• Use fans strategically: Place fans near windows or doors to draw in fresh air from outside. Position another fan near the painting area to direct fumes towards the exit point.
  • Time your painting: Take advantage of natural temperature differences between day and night. If possible, plan your painting activities during cooler times of the day when it is easier to maintain a comfortable indoor temperature with open windows.
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While natural ventilation can be effective, it may not always be sufficient, especially in enclosed spaces or during unfavorable weather conditions. In such cases, additional ventilation measures may be necessary.

Using Mechanical Ventilation

Mechanical ventilation involves the use of mechanical systems, such as exhaust fans or air purifiers, to remove paint fumes and circulate fresh air. This method is particularly useful when natural ventilation is limited or inadequate. Here are some mechanical ventilation options to consider:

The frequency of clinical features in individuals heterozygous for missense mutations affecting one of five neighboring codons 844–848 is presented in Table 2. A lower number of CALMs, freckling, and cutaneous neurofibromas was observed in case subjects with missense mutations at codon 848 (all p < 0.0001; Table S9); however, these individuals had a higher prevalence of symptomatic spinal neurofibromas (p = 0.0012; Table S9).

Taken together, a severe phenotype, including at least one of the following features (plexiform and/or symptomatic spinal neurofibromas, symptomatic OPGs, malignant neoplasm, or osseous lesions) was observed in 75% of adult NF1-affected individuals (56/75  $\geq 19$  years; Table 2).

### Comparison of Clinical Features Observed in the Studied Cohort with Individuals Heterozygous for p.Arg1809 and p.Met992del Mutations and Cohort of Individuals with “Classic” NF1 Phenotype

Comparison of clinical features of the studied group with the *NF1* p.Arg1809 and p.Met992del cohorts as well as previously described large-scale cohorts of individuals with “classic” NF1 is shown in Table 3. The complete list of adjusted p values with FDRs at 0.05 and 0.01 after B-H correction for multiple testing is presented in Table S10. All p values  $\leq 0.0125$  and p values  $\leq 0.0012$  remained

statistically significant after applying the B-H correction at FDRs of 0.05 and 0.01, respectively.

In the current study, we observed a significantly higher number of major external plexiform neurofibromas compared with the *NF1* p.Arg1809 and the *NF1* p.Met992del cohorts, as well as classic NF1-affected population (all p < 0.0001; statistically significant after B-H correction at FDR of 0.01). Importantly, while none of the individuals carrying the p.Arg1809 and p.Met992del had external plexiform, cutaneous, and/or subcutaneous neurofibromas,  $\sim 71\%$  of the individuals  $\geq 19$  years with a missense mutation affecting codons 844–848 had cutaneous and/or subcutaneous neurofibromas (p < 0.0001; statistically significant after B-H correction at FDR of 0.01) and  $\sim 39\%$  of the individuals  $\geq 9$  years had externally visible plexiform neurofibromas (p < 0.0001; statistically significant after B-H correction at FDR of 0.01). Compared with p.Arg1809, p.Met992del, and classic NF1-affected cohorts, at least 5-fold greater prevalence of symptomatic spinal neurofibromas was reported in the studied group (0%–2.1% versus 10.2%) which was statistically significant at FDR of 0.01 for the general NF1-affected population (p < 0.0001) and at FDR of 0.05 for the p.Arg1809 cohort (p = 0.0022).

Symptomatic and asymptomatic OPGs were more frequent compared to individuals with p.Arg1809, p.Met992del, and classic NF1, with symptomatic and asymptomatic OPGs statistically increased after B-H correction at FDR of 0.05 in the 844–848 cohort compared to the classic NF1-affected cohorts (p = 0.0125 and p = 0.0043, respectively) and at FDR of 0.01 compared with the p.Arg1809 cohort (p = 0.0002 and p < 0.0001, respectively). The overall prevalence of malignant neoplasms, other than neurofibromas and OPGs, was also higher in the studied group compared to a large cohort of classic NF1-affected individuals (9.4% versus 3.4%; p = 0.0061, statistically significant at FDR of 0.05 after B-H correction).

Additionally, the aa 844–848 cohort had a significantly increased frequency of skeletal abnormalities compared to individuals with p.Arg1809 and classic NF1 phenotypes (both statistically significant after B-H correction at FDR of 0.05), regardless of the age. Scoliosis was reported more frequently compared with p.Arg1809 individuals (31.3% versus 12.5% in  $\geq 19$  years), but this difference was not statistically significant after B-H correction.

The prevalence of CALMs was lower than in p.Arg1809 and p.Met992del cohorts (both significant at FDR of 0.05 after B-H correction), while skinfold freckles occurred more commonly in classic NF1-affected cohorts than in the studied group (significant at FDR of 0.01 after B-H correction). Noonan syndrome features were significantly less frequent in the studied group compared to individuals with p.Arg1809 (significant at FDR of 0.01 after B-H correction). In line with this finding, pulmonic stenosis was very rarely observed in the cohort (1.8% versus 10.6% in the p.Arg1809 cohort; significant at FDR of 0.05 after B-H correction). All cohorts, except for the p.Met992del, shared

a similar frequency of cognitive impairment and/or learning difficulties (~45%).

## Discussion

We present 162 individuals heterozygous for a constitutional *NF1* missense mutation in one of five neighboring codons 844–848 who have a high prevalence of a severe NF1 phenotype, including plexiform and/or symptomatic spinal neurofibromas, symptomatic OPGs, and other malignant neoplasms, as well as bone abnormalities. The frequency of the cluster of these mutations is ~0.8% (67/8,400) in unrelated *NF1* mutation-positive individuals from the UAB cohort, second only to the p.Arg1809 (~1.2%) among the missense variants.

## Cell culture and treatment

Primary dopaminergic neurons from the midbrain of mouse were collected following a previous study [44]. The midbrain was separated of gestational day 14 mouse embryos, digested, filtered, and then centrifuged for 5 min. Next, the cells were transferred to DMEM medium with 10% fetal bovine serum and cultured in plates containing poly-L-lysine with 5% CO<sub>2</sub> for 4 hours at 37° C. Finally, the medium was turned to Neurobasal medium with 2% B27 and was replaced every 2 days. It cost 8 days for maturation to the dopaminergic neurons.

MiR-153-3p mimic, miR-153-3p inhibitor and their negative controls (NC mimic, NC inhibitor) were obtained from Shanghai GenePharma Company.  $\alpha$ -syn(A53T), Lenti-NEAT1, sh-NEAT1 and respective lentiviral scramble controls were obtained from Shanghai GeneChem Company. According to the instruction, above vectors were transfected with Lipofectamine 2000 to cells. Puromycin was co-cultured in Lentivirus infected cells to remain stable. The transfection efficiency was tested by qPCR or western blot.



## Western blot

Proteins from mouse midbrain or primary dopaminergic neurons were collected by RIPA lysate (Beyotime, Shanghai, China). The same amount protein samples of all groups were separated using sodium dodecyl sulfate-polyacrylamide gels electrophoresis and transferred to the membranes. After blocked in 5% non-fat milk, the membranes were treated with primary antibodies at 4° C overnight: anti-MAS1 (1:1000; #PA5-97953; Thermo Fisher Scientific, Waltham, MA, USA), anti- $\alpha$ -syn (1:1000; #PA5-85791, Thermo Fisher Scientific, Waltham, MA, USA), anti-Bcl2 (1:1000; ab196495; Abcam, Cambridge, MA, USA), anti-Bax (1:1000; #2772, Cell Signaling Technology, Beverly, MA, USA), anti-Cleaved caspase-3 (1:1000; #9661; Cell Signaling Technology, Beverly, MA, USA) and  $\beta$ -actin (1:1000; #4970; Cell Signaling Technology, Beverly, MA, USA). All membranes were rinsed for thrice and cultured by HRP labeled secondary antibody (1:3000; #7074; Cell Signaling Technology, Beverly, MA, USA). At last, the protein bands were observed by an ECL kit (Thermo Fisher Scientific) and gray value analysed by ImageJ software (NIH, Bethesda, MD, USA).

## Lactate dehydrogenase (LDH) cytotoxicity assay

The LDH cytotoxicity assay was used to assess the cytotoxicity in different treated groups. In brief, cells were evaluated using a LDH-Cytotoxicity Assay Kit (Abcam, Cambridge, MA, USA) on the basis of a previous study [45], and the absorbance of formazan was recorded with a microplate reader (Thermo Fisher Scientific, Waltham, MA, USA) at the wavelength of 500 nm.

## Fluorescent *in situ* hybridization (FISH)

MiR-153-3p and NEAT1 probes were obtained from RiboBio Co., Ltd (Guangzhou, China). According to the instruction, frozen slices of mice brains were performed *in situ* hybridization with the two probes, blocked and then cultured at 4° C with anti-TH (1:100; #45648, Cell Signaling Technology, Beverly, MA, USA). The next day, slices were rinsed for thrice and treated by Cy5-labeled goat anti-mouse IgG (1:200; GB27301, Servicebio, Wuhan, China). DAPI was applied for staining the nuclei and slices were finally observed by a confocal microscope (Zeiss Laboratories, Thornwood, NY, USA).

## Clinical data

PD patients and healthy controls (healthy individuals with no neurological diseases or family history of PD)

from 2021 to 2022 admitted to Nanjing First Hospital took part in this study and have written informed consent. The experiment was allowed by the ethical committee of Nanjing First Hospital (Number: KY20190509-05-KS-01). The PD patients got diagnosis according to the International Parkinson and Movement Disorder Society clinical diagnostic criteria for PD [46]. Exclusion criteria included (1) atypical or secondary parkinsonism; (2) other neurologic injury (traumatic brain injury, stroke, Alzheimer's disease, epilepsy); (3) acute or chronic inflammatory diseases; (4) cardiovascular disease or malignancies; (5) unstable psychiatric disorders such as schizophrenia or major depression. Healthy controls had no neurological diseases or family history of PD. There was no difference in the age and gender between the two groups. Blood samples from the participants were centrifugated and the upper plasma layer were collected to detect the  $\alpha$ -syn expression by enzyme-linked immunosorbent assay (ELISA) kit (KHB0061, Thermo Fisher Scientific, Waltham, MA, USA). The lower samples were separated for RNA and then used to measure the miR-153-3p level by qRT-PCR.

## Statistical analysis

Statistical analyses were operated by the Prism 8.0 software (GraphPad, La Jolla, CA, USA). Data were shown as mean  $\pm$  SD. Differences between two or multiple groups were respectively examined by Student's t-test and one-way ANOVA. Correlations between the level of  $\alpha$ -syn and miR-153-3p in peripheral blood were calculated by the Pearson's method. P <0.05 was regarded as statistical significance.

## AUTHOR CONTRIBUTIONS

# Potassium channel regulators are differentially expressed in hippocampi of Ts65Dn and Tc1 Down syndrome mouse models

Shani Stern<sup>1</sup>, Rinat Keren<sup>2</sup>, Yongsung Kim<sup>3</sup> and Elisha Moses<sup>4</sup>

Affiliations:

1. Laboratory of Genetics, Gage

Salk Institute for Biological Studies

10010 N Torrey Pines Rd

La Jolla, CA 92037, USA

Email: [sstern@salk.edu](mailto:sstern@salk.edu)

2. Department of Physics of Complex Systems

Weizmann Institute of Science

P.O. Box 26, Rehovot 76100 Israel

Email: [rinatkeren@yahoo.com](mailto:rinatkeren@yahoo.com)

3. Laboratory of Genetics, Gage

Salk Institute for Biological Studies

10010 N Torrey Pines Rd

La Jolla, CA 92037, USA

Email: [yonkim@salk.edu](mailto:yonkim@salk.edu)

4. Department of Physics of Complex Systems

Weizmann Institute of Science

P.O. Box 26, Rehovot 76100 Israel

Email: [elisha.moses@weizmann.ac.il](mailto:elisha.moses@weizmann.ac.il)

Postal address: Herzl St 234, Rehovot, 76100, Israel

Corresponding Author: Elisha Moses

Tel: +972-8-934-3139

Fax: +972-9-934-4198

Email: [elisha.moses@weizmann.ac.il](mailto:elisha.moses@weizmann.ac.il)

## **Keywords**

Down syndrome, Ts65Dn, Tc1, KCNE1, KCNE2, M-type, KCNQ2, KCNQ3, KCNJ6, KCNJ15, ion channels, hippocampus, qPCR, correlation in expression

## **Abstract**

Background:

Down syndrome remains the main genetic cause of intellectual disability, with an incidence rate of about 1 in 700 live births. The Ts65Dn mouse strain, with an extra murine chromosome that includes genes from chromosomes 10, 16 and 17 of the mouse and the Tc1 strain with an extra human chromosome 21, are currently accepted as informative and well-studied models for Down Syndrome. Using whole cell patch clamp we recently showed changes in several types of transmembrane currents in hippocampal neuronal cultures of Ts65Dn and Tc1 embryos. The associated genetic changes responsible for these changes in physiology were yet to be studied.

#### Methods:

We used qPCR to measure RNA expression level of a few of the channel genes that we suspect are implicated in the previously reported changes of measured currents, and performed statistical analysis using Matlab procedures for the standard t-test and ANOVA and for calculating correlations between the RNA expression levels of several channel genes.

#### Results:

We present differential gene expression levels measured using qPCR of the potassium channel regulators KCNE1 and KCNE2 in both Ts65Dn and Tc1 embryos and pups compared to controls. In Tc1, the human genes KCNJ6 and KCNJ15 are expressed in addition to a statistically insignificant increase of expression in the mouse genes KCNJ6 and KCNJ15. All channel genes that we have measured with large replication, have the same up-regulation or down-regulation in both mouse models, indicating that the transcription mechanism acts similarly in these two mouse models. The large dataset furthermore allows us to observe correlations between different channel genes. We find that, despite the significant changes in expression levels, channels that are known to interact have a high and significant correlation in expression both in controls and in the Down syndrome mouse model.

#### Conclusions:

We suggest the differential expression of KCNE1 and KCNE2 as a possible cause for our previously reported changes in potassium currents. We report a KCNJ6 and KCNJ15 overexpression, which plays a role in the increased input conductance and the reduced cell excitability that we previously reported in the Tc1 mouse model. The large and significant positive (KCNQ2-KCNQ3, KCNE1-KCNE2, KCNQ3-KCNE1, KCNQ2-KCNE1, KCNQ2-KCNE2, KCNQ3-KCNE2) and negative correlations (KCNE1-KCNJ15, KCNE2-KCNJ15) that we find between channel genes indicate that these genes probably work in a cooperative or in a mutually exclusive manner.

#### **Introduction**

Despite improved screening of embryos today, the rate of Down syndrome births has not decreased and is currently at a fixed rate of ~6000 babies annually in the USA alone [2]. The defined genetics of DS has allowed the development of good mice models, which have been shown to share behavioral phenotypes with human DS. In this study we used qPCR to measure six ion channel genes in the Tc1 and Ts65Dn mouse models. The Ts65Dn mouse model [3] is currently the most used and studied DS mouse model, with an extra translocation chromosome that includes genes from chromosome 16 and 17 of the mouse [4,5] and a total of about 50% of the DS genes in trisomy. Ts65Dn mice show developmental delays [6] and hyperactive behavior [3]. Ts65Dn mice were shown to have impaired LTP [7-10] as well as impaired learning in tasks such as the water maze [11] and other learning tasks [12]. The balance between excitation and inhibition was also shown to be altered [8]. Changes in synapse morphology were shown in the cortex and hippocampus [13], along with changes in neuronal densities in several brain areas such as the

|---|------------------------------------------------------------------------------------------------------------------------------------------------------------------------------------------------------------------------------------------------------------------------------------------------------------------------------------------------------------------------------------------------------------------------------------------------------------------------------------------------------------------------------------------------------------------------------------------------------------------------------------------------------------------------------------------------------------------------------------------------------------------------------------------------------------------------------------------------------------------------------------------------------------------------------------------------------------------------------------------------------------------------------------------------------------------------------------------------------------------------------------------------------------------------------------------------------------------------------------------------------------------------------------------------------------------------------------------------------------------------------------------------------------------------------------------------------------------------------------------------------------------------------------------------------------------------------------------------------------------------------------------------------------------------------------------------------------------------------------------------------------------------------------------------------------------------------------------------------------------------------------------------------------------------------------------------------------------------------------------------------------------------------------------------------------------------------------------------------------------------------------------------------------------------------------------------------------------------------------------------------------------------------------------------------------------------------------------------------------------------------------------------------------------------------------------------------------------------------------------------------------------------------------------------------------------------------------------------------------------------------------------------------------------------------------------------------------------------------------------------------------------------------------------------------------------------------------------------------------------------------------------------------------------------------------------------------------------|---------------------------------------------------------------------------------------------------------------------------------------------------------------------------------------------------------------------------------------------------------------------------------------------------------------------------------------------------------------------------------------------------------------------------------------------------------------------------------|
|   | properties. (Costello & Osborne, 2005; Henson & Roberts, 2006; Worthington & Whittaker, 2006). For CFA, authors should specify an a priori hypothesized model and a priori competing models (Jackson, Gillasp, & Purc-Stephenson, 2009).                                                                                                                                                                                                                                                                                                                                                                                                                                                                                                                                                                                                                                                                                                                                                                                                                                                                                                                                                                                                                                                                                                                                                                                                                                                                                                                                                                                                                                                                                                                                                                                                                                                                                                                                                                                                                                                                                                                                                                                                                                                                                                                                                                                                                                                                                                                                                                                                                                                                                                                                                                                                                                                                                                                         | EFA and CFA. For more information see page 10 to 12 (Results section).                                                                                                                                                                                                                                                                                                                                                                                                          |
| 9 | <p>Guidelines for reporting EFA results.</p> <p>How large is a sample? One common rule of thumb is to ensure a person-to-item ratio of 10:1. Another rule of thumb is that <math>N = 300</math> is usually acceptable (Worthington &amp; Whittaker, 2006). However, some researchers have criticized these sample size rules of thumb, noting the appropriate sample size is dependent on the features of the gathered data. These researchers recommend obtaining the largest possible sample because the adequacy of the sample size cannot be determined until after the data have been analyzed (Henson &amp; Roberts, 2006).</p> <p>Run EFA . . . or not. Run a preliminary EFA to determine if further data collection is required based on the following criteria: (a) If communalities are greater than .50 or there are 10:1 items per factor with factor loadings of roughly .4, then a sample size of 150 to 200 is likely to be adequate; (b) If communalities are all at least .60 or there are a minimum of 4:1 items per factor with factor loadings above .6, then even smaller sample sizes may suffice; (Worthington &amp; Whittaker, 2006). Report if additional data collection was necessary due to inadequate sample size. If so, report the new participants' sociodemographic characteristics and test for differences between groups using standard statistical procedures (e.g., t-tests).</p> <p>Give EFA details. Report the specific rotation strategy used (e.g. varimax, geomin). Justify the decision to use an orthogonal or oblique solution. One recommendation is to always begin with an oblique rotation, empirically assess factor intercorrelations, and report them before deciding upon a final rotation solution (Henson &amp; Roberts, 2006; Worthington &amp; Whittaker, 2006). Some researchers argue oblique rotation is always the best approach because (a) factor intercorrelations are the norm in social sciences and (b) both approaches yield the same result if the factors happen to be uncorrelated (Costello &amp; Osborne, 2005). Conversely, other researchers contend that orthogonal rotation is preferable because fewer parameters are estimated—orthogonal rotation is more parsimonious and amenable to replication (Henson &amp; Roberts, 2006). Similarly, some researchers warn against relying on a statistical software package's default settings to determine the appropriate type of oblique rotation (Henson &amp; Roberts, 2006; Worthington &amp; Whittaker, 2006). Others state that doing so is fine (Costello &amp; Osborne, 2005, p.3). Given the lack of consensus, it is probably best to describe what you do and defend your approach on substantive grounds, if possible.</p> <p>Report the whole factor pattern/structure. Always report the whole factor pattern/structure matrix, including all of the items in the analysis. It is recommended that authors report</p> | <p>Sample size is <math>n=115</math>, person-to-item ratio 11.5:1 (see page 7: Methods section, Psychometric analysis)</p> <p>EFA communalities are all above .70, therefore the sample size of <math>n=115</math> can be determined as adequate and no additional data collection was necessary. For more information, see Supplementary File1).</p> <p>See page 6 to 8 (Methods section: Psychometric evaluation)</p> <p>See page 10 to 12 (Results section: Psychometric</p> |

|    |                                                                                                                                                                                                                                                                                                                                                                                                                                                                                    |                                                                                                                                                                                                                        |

• Exhaust fans: Install exhaust fans in the painting area to remove fumes directly. Position the fans near the source of the fumes, such as above the painting station or near the floor to capture any heavier-than-air fumes.
  • Air purifiers: Use air purifiers with activated carbon or HEPA filters to remove paint fumes from the air. Place the purifiers strategically in the room to ensure optimal air circulation and filtration.
  • Ducted ventilation systems: In larger spaces or areas with limited natural ventilation, consider installing ducted ventilation systems. These systems can be connected to exhaust fans and distribute fresh air throughout the space.
  • Portable ventilation units: If you are working in a confined space, such as a small bathroom, portable ventilation units can be a practical solution. These units typically have built-in fans and filters to remove fumes and improve air quality.

When using mechanical ventilation, it is important to ensure that the equipment is properly maintained and functioning correctly. Regularly clean or replace filters, check fan motors, and follow the manufacturer’s instructions for optimal performance.

Additional Tips for Fume Control